The next round of climate change negotiations is set to take place in Paris this December, and there are reasons to be optimistic that they’ll be more successful than the failed Copenhagen talks of 2009. This time, the US is seriously engaged and ready to do business.
“The US, I think, is very much leading the charge. They've put forward a serious offer,” says Jennifer Morgan, director of the Climate Program at the World Resources Institute.
In the early days of the Obama administration, the situation was different — there wasn’t even a task force set up to figure out what the US position should be. Now, Obama has asked each of his cabinet secretaries to look at what they can do to reduce emissions using just their executive authority.
The Obana proposal commits the US to reducing all greenhouse emissions 26 to 28 percent below 2005 levels by 2025. The plan sidesteps Congress and relies on the administration’s executive authority. It includes a list of the various standards, laws and rules they're going to utilize to meet those targets. Among them: requiring power plants to be more efficient, reducing methane using fuel economy standards for cars and trucks, and also increasing efficiently standards for appliances, according to Morgan.
“It's a pretty robust plan, I think,” she says.
The Obama administration had that leeway thanks to a Supreme Court decision last year that determined the EPA can regulate greenhouse gases under the Clean Air Act. Without Congress’s involvement, however, the U.S. can’t take what some would consider the “easy way” out to reducing emissions — buying “offset” credits from countries that aren’t using up all their emission quotas. Morgan sees this as a good thing.
Courtsey of the World Resources Institute
“It sends a strong signal that the US is decarbonizing its economy domestically, that there will be much less coal used, more renewables used,” she says. “It's really calling on American ingenuity and innovation to solve the problem and not trying to go and buy offset credits somewhere else.”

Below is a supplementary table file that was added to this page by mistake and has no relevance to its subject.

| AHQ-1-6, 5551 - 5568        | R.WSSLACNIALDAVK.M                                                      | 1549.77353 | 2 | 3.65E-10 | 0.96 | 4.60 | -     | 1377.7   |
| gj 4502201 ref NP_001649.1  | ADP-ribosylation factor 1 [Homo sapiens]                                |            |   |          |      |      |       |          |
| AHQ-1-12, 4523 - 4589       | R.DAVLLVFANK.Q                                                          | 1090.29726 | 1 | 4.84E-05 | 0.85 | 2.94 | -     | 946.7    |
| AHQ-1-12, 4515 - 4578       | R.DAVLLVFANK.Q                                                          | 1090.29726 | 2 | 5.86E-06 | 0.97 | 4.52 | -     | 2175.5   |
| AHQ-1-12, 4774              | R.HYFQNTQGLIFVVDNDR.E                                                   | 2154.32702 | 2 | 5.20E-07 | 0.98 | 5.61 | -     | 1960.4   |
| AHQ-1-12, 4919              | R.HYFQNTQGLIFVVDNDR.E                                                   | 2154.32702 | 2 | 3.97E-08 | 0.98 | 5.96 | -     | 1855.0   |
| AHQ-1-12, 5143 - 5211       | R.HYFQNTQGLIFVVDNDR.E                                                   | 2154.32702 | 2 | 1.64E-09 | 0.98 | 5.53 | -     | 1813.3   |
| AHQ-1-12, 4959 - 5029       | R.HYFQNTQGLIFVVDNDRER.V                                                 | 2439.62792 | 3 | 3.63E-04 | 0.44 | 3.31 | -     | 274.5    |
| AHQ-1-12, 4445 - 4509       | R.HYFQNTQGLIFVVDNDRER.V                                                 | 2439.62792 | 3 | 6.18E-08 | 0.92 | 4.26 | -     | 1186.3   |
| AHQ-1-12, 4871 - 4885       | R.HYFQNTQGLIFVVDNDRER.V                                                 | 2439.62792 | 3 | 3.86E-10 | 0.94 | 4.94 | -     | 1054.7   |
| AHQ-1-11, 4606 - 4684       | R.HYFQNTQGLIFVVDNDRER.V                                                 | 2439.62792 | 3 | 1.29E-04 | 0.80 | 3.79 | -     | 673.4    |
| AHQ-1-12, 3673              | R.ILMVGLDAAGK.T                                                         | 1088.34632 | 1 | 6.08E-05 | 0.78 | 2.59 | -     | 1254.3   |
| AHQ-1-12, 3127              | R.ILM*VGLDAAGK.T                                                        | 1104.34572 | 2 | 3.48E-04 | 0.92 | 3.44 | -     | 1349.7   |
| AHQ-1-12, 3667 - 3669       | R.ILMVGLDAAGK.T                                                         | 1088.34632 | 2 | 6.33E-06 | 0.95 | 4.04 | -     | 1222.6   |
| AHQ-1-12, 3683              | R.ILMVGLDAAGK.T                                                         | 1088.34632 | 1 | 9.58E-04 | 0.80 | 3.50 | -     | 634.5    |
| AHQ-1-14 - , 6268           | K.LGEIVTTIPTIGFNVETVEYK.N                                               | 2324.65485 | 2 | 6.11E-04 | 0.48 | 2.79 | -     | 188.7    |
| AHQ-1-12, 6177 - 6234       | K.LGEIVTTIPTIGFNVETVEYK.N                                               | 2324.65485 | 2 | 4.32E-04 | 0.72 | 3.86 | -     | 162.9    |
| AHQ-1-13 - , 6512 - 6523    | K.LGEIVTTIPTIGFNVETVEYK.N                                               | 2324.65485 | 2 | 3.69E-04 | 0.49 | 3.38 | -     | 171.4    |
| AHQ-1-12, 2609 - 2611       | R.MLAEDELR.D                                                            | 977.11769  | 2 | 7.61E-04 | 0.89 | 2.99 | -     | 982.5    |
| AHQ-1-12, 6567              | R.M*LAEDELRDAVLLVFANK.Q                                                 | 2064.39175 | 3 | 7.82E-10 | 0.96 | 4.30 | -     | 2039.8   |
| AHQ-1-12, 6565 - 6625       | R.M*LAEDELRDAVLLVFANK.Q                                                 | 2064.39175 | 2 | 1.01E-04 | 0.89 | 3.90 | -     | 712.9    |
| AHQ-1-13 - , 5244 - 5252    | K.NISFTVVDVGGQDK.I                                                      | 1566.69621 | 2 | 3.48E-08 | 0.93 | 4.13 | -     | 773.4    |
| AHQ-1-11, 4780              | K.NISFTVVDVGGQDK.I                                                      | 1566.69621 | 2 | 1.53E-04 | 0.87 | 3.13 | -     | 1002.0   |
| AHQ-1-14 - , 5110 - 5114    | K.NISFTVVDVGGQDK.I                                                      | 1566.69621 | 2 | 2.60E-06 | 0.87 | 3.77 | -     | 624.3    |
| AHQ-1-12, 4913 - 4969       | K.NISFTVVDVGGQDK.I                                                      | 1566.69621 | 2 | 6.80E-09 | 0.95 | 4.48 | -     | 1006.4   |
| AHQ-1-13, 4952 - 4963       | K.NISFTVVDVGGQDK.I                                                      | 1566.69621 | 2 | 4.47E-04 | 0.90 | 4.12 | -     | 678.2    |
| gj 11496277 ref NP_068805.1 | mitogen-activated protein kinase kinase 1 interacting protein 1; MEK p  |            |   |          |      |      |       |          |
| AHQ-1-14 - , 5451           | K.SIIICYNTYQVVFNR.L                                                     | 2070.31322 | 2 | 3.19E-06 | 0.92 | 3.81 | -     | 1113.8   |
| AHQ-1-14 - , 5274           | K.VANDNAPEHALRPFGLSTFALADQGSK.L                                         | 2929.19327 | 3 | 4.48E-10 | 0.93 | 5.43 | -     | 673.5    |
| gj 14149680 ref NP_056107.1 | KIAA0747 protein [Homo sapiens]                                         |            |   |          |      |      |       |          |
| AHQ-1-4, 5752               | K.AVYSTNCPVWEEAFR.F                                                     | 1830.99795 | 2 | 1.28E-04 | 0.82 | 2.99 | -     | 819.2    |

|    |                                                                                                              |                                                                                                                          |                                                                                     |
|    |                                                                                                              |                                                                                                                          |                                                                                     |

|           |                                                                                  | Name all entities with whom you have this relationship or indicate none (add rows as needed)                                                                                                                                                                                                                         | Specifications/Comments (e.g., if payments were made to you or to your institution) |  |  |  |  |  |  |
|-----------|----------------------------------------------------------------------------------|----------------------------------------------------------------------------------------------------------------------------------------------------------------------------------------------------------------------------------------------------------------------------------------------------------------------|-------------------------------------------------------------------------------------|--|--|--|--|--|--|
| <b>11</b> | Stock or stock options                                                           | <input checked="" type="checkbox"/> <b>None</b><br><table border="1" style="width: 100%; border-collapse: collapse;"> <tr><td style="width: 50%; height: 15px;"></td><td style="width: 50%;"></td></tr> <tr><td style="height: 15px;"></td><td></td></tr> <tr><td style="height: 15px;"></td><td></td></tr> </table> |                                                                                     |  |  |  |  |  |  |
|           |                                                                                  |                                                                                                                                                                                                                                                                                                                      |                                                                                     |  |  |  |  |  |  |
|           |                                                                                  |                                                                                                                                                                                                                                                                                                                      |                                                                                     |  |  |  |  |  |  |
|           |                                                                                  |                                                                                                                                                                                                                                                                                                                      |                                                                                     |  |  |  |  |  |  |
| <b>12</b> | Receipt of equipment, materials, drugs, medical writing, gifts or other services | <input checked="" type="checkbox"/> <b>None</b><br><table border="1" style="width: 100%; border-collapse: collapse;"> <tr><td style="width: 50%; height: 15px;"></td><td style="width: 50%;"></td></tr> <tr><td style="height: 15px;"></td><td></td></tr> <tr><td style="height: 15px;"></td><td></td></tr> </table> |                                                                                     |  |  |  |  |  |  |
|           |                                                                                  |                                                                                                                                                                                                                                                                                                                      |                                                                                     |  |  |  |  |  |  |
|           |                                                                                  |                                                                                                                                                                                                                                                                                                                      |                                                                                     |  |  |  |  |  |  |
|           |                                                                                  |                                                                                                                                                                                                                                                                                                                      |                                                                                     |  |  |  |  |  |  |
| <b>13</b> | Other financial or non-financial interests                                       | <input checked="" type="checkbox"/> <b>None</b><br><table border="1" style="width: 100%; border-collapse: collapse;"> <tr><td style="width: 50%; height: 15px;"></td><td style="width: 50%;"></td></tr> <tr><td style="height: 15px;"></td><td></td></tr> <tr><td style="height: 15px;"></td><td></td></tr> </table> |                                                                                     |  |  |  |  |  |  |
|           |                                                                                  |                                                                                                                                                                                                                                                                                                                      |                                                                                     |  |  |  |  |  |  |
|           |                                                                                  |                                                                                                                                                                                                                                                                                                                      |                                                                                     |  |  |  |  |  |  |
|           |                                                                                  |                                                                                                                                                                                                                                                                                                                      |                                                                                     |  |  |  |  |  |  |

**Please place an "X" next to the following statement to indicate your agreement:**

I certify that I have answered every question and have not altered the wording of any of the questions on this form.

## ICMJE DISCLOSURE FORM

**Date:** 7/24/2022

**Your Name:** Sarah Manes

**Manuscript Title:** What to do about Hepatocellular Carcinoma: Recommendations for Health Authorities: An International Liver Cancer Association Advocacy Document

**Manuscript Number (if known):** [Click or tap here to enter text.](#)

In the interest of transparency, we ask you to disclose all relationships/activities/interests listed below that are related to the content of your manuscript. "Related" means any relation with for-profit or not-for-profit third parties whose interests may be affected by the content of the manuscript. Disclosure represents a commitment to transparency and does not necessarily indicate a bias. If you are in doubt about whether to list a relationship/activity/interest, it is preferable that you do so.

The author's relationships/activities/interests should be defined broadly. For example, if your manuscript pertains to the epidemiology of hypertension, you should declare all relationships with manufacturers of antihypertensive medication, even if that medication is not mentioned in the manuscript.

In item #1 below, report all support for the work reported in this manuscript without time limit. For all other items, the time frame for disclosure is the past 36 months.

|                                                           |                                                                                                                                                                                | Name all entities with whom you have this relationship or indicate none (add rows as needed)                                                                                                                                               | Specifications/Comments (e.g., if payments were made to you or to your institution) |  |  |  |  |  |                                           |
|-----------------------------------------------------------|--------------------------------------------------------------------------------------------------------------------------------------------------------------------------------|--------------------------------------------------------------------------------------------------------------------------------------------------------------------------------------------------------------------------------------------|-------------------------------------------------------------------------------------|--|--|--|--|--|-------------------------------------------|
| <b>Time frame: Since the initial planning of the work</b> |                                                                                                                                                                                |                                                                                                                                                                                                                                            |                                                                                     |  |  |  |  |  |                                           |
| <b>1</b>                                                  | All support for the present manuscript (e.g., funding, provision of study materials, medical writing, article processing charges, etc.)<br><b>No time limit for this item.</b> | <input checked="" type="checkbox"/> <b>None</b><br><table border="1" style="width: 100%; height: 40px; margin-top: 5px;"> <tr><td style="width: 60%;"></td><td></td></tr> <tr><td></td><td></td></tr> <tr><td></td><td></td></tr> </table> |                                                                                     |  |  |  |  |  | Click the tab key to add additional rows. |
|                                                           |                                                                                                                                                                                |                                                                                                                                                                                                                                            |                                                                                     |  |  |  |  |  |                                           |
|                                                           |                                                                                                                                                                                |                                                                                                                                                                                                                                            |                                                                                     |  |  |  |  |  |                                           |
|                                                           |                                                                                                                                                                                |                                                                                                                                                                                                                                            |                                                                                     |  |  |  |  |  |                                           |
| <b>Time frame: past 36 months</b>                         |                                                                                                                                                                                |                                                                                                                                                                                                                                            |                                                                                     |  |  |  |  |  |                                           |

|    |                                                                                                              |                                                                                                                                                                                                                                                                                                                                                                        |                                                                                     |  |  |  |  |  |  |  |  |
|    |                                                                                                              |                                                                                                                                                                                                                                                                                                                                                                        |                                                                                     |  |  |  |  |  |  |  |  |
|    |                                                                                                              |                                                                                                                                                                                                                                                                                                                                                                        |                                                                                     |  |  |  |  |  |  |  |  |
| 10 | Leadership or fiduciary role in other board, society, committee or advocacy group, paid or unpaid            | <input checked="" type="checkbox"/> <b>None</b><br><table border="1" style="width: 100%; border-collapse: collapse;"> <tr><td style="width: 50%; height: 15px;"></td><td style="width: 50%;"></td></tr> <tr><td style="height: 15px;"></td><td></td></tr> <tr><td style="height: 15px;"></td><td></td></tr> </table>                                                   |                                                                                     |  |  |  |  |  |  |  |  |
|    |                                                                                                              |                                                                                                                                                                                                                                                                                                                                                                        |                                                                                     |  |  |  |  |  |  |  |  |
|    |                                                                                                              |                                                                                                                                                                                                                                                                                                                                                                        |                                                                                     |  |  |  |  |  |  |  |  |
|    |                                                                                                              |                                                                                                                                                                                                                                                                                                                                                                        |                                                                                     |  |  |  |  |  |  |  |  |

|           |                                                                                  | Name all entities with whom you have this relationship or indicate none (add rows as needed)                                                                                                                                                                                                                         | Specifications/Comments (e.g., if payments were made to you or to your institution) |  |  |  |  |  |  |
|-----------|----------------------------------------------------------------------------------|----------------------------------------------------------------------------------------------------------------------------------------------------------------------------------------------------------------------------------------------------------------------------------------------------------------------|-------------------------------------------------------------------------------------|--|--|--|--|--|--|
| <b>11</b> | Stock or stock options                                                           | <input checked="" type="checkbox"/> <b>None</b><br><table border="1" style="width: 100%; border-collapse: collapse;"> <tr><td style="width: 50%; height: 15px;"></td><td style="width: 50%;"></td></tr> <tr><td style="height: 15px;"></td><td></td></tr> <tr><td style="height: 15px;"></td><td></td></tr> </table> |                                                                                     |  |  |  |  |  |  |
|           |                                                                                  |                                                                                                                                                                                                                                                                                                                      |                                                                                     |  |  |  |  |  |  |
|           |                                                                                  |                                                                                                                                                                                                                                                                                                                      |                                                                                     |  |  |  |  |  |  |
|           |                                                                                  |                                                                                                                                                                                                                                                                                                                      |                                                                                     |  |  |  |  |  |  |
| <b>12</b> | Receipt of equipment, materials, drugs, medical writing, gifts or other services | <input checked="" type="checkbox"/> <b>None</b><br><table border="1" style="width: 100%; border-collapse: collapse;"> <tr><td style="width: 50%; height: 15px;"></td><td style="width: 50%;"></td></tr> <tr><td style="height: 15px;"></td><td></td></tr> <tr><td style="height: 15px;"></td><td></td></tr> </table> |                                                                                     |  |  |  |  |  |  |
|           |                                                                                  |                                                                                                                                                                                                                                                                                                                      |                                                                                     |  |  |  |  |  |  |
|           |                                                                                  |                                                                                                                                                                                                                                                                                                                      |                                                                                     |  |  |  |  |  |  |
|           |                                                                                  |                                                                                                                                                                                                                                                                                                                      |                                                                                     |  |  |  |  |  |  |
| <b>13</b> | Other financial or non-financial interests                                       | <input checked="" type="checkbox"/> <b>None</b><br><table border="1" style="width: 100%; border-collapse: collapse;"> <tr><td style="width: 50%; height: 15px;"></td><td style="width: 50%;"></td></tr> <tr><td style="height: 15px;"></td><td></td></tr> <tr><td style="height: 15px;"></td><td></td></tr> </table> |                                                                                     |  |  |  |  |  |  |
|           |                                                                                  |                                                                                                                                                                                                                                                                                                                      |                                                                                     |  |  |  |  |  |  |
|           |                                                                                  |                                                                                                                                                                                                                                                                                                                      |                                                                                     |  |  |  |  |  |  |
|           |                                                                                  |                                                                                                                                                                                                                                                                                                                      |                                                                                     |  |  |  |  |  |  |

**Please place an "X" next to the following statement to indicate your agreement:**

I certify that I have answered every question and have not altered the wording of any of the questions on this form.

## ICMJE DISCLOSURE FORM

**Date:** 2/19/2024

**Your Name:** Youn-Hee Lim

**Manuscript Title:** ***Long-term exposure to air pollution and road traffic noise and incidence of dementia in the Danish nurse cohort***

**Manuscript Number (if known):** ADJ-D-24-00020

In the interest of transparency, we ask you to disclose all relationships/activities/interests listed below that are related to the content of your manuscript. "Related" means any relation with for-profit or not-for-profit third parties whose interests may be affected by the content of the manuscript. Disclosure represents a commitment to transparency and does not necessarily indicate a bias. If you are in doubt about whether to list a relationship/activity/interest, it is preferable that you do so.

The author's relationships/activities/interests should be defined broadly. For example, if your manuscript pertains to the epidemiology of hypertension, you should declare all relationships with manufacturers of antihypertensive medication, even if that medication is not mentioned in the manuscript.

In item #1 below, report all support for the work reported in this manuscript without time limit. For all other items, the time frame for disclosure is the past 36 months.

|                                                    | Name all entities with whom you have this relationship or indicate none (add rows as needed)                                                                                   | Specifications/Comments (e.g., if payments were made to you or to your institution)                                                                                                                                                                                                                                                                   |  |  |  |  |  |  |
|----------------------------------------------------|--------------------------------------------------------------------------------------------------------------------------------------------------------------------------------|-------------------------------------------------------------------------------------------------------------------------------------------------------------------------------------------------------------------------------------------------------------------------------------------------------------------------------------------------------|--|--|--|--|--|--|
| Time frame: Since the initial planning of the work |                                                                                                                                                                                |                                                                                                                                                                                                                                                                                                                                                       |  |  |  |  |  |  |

The US isn’t the only country to put forth ambitious proposals. Mexico recently became the first country in the developing world to unveil a national plan to reduce its emissions. It commits the country to peak its emissions by 2026, sets up a Climate Policy Council with United States and seeks to harmonize standards. In Europe, Switzerland has led the way with plan to reduce their emissions by 50 percent below 1990 levels by 2030.
After the US, though, all eyes will be on China. In November of last year, China reached an agreement with the US to to peak its emissions by 2030 at the latest. They are expected to announce a more detailed plan soon.
Morgan says she expects China to release its plan by June or July. She’s optimistic about what it will contain.
“They're really trying to make that a robust plan, which is just immensely important. The way that China goes in the future is clearly fundamental for whether we're able to really tackle this problem or not,” she says.
But while Morgan sees signs of progress, ultimately she thinks climate change can only be truly addressed by more far-reaching measures. The US plan represents progress, she says, but there is still a long way to go.
“Climate change is happening now and we need to actually shift and have deep decarbonization of our entire economies, so over the longer term, greater ambition is going to be needed,” she says.